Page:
How Netflix’s ARRESTED DEVELOPMENT Could Change TV Forever
When I first heard about the format of Netflix's Arrested Development revival, I was concerned. Each episode is centered on a different character, and it sounded like they would just be a bunch of vignettes leading up to a possible movie. But the latest issue of Wired sheds some light on the structure of the show, and what I feared sounds completely unfounded. So much so that I wonder if Arrested Development could forever change the way episodic TV is made.
In the past, episodic TV has been necessarily linear. Episodes followed one after another, and there was an order in which to watch them. This has been so much the case that fans get outraged when networks air episodes out of order, even on shows that do not contain continuing plotlines. But the revival of Arrested Development sheds that completely, and it seems that the new series - all episodes of which will drop at the same time - can be watched in any order you like. Each episode represents a specific character's point of view on the events of the series, and those points of view can be radically different.
Back on the set of Arrested Development, actress Portia de Rossi, who plays Lindsay Bluth Fünke, says that at one point she had seven scripts splayed across her dressing room floor because it was the only way she could grasp all of the plot’s intricacies. “I did a scene with Jessica [Walter, who plays Lindsay’s mother], where she seemed to be saying the nastiest things, in my mind, because it was so sarcastic,” she says. “But in her episode, you realize that she was being sincere. If you see my episode first, you’re like, ‘That fucking bitch.’ But if you see hers first, I look completely heartless.”
The new Arrested Development is not just a seven-hour movie. It’s something new—a collection of episodes released altogether that can be remixed and recombined and that gain something from each juxtaposition. Right now that’s a framework only Netflix can offer. Asked what the show would have been like had Showtime won its bid, [creator Mitch] Hurwitz says, “I know that storytelling-wise, saner ideas might have prevailed.”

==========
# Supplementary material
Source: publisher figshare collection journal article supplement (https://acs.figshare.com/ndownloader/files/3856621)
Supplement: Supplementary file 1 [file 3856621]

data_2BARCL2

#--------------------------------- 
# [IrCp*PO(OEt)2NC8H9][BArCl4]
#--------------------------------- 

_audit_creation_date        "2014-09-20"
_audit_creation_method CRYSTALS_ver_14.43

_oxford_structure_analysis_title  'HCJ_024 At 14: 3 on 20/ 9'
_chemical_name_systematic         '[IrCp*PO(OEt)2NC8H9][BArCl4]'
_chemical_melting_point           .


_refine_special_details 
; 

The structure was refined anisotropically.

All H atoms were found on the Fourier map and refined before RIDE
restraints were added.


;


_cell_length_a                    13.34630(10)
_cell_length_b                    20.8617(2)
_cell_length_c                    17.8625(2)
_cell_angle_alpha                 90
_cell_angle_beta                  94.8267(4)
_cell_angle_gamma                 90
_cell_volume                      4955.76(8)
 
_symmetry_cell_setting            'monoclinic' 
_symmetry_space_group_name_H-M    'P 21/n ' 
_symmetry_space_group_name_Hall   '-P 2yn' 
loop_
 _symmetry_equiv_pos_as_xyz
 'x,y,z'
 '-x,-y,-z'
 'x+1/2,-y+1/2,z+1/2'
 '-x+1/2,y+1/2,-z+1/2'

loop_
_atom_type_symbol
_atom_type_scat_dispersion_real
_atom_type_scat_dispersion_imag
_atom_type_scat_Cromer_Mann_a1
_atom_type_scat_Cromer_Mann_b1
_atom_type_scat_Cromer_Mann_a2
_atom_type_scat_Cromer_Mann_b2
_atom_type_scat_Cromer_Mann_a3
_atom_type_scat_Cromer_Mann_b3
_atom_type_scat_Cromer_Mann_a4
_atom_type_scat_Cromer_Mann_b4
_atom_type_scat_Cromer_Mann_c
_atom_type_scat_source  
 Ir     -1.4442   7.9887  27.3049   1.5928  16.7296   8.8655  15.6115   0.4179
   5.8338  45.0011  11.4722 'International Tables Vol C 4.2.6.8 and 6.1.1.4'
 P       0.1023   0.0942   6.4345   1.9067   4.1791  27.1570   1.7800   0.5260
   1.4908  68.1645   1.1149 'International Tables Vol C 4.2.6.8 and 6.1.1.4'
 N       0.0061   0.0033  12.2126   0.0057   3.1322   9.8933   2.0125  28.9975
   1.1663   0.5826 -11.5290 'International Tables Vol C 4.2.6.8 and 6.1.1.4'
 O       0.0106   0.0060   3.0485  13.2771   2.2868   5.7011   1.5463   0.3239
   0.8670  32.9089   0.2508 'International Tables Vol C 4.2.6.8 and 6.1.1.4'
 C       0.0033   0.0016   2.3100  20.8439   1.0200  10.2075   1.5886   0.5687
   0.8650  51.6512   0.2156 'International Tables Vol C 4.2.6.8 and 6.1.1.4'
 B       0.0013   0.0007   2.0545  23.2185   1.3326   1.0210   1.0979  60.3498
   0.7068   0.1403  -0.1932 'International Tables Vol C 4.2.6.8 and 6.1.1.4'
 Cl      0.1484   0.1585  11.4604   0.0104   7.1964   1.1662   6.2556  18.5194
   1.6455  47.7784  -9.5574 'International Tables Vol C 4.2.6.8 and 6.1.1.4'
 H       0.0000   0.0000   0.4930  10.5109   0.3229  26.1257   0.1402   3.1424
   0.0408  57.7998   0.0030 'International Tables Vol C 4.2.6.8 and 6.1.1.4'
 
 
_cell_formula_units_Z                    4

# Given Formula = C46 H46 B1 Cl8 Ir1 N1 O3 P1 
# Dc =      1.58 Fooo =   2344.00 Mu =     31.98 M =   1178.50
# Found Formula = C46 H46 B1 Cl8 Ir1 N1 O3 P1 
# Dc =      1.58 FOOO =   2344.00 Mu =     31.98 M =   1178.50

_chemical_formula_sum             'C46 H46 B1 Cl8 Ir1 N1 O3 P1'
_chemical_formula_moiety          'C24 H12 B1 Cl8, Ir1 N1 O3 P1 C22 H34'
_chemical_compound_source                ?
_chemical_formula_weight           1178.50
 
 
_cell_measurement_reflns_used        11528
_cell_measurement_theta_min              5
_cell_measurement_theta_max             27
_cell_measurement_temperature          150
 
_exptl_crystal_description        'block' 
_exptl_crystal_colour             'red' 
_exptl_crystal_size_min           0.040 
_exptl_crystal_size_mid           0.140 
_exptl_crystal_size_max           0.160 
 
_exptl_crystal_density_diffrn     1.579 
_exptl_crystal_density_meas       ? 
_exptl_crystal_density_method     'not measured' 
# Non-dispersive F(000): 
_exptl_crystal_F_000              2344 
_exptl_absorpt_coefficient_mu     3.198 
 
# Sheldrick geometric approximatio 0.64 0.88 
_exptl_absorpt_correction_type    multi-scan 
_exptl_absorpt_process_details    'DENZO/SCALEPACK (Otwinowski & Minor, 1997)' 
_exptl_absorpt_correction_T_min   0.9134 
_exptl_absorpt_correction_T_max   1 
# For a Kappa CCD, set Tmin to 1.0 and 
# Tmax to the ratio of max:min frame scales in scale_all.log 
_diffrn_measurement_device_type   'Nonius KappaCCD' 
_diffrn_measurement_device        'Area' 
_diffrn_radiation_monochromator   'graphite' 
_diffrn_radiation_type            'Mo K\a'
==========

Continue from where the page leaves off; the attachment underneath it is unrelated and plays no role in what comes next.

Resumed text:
All of a sudden the very format of a television season is called into question. The idea that TV episodes have to be chapters, have to be ordered in some way, is out the window. In some respects this is like the death of the album - lots of care and thought used to go into sequencing albums so they could be enjoyed as a complete aesthetic experience, but the rise of mp3s and shuffle utterly changed that. It's rare that people put on a record and listen to it all the way through in the 'proper' sequence.
Of course it remains to be seen how this experiment works for Arrested Development. There is a 'recommended' viewing order to the episodes, and I suspect most people (myself included) will watch through the first time that way. And not every story is going to lend itself to being told like this. What's important is that the parameters of episodic storytelling are being tested, and the on-demand future of television is beginning to take shape. This isn't just about new delivery systems anymore, this is a whole new medium.